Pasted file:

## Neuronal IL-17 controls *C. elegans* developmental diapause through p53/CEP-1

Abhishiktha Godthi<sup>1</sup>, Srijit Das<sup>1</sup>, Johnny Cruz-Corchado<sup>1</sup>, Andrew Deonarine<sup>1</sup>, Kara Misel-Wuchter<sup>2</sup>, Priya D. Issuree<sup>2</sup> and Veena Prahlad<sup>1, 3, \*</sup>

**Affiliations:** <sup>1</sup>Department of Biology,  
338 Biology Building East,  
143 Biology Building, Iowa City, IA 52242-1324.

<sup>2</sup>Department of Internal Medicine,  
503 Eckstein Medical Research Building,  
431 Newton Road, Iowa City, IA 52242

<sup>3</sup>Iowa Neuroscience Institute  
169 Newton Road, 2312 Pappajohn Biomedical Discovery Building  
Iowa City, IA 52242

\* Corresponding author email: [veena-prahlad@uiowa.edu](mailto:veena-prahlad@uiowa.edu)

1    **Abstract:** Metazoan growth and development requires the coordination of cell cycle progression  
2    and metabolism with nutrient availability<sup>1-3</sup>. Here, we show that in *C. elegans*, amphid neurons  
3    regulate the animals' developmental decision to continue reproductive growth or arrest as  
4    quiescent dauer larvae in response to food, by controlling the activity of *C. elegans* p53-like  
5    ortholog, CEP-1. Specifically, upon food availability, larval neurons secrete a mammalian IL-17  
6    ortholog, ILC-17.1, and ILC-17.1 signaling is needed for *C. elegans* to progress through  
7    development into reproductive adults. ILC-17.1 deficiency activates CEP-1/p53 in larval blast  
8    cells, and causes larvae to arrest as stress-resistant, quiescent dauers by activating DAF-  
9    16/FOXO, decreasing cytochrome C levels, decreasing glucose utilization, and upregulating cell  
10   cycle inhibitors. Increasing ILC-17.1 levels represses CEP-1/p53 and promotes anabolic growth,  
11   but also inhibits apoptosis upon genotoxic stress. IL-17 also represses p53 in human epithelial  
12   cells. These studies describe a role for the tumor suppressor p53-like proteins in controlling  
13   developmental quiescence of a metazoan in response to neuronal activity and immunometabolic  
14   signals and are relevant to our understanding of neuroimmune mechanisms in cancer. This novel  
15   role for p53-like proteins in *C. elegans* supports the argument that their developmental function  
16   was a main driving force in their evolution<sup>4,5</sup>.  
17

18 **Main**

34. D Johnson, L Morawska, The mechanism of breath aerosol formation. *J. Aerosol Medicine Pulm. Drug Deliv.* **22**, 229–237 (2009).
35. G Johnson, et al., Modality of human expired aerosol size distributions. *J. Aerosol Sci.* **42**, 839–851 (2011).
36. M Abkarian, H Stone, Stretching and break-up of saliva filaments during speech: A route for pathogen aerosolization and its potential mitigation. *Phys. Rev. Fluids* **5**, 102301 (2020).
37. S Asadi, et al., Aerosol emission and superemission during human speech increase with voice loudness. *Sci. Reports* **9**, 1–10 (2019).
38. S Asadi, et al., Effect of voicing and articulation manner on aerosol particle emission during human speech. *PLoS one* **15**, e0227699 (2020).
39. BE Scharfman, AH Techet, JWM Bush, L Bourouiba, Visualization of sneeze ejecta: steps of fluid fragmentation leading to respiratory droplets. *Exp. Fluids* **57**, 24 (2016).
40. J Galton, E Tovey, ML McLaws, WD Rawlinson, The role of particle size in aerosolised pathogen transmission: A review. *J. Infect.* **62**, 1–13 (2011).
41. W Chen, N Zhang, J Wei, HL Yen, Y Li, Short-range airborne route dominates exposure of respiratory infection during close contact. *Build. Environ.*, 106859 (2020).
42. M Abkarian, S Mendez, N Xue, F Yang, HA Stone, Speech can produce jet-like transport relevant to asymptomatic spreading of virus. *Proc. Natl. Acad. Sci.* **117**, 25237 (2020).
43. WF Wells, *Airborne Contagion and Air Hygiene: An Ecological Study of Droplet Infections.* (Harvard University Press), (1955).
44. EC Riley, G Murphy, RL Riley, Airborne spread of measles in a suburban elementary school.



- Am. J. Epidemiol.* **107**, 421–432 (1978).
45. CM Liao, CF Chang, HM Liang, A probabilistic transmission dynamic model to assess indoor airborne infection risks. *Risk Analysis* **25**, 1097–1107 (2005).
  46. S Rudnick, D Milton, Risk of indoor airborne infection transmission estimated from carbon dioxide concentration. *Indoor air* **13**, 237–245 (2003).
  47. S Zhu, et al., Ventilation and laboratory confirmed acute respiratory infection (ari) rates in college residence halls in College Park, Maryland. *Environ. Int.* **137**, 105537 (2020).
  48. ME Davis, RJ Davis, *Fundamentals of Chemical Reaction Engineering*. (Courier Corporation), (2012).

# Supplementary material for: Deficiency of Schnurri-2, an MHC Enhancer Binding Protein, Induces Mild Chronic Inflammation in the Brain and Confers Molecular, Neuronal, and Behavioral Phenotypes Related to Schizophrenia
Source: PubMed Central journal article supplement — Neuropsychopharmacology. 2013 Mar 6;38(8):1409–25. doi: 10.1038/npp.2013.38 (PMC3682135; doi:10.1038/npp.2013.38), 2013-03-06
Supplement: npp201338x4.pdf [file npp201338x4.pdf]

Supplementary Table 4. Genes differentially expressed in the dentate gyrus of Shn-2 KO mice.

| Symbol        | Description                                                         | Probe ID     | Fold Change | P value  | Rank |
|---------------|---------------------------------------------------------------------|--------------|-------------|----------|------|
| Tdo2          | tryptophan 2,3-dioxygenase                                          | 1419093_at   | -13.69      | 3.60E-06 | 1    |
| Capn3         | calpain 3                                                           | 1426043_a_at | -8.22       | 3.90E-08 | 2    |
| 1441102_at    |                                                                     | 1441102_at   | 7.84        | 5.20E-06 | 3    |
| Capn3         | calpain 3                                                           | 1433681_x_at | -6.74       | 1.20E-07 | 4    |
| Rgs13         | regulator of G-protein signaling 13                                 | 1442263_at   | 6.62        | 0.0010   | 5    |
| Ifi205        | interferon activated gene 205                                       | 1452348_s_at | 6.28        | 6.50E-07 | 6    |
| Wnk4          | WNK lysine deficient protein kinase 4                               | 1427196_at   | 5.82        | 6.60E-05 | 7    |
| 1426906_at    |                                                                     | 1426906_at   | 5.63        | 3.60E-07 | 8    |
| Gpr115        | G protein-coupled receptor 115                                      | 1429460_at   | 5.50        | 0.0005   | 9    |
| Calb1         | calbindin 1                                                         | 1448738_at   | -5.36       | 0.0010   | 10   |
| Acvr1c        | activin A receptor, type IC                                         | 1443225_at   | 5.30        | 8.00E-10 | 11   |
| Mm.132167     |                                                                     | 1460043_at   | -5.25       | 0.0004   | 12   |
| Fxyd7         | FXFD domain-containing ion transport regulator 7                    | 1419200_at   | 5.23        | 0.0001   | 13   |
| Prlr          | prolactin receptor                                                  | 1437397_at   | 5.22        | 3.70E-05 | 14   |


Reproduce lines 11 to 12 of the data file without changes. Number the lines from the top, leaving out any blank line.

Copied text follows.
Iowa City, IA 52242

\* Corresponding author email: [veena-prahlad@uiowa.edu](mailto:veena-prahlad@uiowa.edu)